Win2k Q&A: Why Doesn't My Network Boot Disk Work?

By ServerWatch Staff (Send Email)
Posted Nov 6, 2000


Thomas Shinder

Q: We are planning a roll-out of Windows 2000 Professional in our organization. To prepare for the roll-out, we preconfigured 250 Disks with Primary Active partitions formatted as NTFS. We did this via our in-house disk duplication facilities which was able to accomplish the duplication is just a few hours. After the disks were duplicated, they were placed in the target computers. We wanted to perform an over the network unattended installation using a network boot disk we created. When creating the disk, we used the Windows 98 boot disk generator program, and then placed our custom code onto the disks. The disks worked fine during the network boot-up and were able to connect to the installation share point without problems. However, during the initial file copy phase we continue to get an error saying that we don't have a partition large enough to install Windows 2000.This does not make sense since we know that there is a Primary Active Partition formatted as NTFS. Why do you think the problem is?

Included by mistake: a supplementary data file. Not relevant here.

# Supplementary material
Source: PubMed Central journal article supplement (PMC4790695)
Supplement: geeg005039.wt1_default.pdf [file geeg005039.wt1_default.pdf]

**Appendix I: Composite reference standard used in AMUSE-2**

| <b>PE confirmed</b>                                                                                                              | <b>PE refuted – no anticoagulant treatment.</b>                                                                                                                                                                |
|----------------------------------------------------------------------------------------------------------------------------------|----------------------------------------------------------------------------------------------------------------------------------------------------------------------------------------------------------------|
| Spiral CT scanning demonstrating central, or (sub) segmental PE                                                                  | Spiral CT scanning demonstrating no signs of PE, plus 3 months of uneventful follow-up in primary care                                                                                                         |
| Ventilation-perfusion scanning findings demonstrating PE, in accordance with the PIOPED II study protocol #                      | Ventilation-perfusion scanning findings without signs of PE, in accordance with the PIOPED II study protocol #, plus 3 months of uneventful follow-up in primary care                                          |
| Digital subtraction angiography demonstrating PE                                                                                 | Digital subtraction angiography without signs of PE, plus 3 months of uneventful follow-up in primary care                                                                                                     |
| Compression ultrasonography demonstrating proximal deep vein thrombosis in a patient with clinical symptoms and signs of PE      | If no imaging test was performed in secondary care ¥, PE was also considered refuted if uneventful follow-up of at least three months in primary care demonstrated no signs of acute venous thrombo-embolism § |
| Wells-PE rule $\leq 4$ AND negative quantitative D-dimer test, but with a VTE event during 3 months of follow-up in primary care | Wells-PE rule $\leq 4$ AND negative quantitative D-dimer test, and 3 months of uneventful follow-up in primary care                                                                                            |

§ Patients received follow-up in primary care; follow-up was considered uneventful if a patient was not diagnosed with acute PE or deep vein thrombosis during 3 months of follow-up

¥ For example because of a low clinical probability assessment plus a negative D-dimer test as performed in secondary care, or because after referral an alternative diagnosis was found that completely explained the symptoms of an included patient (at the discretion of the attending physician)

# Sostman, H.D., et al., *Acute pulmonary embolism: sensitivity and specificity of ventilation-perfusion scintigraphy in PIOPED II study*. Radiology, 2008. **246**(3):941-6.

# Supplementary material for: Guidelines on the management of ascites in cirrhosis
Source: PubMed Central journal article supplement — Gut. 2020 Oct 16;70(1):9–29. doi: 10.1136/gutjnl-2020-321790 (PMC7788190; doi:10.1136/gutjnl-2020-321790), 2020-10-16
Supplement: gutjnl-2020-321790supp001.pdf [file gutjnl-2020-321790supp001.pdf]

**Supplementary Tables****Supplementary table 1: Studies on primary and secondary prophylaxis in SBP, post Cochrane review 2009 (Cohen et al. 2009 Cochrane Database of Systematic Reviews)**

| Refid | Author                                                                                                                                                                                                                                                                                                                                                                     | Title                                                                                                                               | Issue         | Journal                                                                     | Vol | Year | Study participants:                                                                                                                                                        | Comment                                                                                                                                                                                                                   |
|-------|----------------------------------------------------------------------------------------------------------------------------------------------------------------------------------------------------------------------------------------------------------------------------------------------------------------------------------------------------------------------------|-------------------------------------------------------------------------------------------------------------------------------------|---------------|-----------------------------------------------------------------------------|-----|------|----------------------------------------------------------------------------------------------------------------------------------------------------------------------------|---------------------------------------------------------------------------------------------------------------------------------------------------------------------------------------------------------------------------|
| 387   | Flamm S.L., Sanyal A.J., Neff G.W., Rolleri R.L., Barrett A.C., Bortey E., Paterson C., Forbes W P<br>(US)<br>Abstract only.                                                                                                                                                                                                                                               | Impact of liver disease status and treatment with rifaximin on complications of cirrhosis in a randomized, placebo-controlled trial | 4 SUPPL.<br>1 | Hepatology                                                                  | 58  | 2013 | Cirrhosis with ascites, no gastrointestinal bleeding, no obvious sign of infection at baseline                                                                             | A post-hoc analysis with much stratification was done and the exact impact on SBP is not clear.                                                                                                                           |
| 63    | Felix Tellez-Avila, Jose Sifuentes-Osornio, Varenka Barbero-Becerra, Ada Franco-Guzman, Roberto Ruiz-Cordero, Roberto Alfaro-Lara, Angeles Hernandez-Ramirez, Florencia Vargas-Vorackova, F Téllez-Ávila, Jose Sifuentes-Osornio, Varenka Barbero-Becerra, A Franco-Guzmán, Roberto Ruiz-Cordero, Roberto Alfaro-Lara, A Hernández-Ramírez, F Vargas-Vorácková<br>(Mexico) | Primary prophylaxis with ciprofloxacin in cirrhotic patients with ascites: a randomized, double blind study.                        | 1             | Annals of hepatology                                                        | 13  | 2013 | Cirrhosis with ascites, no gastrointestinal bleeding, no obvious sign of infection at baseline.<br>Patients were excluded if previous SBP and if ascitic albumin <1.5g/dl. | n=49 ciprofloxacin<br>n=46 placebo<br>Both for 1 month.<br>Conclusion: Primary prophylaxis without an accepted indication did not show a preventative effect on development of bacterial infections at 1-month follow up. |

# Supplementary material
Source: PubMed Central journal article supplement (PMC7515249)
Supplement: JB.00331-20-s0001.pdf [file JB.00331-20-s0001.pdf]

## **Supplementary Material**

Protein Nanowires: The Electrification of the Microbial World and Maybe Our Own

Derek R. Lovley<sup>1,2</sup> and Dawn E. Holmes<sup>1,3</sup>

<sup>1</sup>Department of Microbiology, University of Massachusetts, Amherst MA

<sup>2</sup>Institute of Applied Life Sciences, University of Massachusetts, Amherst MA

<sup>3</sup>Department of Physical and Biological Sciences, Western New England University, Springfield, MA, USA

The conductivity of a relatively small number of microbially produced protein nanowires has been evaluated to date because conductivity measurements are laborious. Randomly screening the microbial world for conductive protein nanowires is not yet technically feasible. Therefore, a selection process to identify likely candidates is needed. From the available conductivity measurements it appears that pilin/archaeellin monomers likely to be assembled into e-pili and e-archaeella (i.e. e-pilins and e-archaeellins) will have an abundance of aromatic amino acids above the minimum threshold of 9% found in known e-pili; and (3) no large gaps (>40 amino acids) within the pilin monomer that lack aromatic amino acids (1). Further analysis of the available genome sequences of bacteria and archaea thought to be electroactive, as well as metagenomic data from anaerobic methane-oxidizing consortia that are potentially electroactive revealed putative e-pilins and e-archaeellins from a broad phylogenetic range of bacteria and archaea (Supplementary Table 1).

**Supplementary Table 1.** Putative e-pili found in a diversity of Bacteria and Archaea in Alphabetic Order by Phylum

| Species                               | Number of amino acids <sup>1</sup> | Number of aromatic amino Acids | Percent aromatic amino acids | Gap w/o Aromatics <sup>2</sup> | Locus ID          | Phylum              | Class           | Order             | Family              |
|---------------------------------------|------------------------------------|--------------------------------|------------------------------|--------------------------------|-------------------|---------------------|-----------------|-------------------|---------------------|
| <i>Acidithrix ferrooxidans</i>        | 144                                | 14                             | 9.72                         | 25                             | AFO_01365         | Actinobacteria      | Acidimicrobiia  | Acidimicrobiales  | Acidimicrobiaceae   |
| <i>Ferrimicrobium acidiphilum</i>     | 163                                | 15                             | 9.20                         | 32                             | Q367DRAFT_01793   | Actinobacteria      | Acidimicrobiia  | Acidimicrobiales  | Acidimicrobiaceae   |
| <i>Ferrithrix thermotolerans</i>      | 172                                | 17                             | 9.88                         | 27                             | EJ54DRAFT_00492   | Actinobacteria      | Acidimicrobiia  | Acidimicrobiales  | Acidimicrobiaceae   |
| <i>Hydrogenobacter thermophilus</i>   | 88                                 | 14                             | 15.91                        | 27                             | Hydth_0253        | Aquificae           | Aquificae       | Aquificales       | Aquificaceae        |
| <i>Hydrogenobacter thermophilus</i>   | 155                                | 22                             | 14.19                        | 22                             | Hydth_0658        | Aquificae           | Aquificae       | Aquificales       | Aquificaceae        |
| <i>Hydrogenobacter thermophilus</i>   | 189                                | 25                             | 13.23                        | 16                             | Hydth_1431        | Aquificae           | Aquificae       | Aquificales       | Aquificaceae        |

Q: We are planning a roll-out of Windows 2000 Professional in our organization. To prepare for the roll-out, we preconfigured 250 Disks with Primary Active partitions formatted as NTFS. We did this via our in-house disk duplication facilities which was able to accomplish the duplication is just a few hours. After the disks were duplicated, they were placed in the target computers. We wanted to perform an over the network unattended installation using a network boot disk we created.

A: Your problem is a tricky one. There are two problems in your setup. First, the hard disks are being created with, I assume, an NTFS 5 partition. Second, you created your boot disks with the Windows 98 boot disk creator. What is happening is that your boot disk works to connect you to the network installation share point, but when the initial copy phase takes place, there is no where to put the temporary files, because the Windows 98 boot disk does not have a file system driver for NTFS 5.0. You would have been better off using FAT16, or better, FAT32 on your preformatted drives. In this way, the Windows 98 boot disk would have the proper file system driver to read and write to the partition, and Windows 2000 supports both of these file systems.

You might also want to include in your installation script a line to convert the file system to NTFS after installation is complete. After the file system is converted to NTFS, use the basic workstation security template and apply any incremental templates. This will allow you to take advantage of NTFS security and help you lock down your systems. When you convert your disks from FATxx to NTFS, security is not automatically places on systems files and folders. You need to apply the security templates in order to accomplish this feat.

For More Win2k Q&A check out the Certification Emergency Room. Just like on the Ambulance and it will take you there!

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